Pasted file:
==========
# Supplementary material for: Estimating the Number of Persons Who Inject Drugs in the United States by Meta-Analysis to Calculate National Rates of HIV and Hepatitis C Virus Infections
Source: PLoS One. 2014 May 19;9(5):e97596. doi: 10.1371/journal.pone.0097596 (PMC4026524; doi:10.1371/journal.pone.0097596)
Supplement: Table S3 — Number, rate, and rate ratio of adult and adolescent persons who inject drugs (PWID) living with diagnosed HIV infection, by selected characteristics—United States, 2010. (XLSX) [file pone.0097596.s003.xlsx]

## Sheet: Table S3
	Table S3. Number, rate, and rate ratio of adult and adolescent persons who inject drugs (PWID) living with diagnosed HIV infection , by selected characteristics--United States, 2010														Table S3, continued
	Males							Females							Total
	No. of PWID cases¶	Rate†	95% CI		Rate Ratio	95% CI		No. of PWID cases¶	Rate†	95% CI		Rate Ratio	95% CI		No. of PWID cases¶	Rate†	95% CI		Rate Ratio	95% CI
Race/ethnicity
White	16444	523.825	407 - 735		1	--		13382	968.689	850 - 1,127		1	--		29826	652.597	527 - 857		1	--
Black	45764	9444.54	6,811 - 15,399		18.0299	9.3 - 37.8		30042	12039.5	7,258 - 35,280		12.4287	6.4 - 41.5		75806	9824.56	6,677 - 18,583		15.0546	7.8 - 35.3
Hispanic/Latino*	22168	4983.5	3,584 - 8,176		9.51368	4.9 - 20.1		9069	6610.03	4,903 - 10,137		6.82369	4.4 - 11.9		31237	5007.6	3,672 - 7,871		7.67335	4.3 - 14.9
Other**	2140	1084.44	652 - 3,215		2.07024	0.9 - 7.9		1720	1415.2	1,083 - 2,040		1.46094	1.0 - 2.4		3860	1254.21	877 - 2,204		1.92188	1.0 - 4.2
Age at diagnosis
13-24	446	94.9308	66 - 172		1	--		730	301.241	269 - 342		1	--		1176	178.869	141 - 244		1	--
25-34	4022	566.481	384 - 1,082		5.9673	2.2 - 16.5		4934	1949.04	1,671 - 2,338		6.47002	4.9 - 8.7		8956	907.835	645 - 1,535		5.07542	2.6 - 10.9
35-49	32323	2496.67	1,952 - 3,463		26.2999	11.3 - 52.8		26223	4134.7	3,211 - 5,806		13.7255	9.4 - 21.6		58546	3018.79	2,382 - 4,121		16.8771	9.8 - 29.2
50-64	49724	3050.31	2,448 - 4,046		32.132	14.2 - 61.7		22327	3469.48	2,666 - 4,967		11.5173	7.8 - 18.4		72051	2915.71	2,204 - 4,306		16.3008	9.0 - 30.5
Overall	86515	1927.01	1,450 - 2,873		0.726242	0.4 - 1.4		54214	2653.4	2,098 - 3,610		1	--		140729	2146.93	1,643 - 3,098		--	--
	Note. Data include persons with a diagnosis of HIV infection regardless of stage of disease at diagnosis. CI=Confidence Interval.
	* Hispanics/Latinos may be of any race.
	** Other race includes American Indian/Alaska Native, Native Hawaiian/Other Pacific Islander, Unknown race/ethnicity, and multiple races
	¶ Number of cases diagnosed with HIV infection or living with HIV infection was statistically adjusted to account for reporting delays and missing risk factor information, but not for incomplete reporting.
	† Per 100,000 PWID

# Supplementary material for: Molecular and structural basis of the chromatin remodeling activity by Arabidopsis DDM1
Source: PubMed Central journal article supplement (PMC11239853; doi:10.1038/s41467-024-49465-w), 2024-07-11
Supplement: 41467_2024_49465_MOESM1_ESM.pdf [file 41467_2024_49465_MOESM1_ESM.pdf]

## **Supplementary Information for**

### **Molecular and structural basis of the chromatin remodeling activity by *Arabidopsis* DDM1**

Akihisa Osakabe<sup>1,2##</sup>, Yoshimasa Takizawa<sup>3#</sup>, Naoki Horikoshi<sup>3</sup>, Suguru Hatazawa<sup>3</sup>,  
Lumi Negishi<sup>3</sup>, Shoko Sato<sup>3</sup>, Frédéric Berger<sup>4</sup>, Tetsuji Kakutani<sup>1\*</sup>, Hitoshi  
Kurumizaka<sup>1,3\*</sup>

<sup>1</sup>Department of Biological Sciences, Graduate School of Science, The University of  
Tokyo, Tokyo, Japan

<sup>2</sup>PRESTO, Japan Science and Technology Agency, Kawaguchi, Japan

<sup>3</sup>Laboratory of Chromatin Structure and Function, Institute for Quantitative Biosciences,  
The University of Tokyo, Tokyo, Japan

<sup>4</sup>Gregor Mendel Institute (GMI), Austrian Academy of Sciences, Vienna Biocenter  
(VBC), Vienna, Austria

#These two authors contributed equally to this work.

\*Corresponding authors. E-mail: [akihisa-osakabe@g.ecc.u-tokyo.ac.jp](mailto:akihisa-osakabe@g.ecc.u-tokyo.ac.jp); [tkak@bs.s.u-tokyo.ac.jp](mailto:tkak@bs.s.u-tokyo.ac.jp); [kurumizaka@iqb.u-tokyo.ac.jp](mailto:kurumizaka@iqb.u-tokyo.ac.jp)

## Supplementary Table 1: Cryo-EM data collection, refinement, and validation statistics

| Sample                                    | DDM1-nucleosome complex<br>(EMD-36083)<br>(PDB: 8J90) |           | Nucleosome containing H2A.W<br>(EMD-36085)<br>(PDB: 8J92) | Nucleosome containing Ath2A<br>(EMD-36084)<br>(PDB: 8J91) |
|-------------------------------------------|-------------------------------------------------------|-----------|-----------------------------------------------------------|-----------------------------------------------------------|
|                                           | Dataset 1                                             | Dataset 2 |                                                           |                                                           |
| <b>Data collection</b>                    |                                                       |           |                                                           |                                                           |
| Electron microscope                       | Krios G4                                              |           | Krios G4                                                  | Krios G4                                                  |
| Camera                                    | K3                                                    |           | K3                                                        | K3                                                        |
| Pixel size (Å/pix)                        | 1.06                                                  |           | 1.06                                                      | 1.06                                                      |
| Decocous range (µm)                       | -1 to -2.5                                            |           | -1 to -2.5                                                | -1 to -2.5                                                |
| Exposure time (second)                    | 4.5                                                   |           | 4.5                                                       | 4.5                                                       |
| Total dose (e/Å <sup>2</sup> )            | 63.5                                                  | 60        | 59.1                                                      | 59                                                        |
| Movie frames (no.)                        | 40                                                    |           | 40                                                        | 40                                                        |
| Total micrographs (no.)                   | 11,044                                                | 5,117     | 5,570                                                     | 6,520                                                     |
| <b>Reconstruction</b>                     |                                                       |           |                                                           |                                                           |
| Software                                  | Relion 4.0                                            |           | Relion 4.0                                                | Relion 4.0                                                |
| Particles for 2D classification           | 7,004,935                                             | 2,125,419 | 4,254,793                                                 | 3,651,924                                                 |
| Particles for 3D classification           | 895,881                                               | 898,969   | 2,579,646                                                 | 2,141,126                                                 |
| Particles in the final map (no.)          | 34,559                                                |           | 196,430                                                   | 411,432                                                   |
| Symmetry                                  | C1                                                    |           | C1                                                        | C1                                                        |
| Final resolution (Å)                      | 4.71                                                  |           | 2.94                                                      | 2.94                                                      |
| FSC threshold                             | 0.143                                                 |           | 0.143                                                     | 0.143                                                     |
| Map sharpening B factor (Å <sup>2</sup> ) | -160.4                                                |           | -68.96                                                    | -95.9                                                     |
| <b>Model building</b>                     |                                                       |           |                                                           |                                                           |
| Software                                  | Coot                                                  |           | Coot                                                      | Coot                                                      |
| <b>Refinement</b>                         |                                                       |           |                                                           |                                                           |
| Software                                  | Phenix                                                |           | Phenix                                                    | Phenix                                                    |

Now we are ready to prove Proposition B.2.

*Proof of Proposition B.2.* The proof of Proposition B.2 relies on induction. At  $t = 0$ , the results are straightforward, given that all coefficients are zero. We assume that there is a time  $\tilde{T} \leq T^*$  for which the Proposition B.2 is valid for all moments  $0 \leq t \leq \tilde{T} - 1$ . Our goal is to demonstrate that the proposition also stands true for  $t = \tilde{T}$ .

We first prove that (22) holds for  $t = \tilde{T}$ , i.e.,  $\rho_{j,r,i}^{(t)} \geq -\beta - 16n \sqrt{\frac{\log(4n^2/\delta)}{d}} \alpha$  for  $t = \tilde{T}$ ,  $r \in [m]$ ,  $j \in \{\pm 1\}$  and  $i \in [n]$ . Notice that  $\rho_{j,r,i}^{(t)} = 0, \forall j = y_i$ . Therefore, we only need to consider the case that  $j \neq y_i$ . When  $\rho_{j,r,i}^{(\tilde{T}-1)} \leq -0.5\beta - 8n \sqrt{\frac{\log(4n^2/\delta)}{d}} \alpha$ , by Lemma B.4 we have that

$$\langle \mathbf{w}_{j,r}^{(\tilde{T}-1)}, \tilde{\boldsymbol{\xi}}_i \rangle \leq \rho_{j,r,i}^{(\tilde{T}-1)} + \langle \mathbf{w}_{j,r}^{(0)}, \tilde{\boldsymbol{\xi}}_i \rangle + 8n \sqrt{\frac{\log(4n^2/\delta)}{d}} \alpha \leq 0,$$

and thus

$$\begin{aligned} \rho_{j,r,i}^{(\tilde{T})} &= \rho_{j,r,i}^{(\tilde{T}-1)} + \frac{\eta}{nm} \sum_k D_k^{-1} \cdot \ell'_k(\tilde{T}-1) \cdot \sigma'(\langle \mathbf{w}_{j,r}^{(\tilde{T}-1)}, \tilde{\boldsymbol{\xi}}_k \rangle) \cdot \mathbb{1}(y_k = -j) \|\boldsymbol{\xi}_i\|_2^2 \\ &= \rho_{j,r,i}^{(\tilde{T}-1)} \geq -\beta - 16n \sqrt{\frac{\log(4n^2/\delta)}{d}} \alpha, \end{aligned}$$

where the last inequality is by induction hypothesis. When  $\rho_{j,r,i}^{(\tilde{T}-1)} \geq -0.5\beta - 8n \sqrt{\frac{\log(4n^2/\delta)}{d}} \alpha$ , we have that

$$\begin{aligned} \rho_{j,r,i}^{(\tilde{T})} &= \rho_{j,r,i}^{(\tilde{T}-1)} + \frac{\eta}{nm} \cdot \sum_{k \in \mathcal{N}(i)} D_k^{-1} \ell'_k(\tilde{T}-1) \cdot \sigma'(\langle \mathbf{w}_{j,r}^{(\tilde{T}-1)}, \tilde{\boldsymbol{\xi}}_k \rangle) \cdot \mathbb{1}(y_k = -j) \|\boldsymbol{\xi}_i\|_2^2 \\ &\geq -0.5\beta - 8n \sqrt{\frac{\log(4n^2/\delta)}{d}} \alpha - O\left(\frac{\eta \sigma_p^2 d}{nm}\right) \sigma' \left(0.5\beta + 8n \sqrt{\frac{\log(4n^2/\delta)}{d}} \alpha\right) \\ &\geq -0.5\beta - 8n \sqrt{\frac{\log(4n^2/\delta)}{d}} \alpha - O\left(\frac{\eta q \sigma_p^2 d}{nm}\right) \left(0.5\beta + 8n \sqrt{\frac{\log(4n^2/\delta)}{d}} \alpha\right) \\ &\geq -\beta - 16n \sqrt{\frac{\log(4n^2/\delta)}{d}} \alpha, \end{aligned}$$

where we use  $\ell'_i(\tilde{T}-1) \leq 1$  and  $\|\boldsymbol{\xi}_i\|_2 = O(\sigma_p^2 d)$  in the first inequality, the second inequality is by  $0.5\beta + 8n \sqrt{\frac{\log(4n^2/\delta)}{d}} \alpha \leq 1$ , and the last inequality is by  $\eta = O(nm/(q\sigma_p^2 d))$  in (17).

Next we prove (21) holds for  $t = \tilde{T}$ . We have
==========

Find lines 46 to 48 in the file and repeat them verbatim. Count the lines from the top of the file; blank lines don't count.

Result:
| Electron microscope                       | Krios G4                                              |           | Krios G4                                                  | Krios G4                                                  |
| Camera                                    | K3                                                    |           | K3                                                        | K3                                                        |
| Pixel size (Å/pix)                        | 1.06                                                  |           | 1.06                                                      | 1.06                                                      |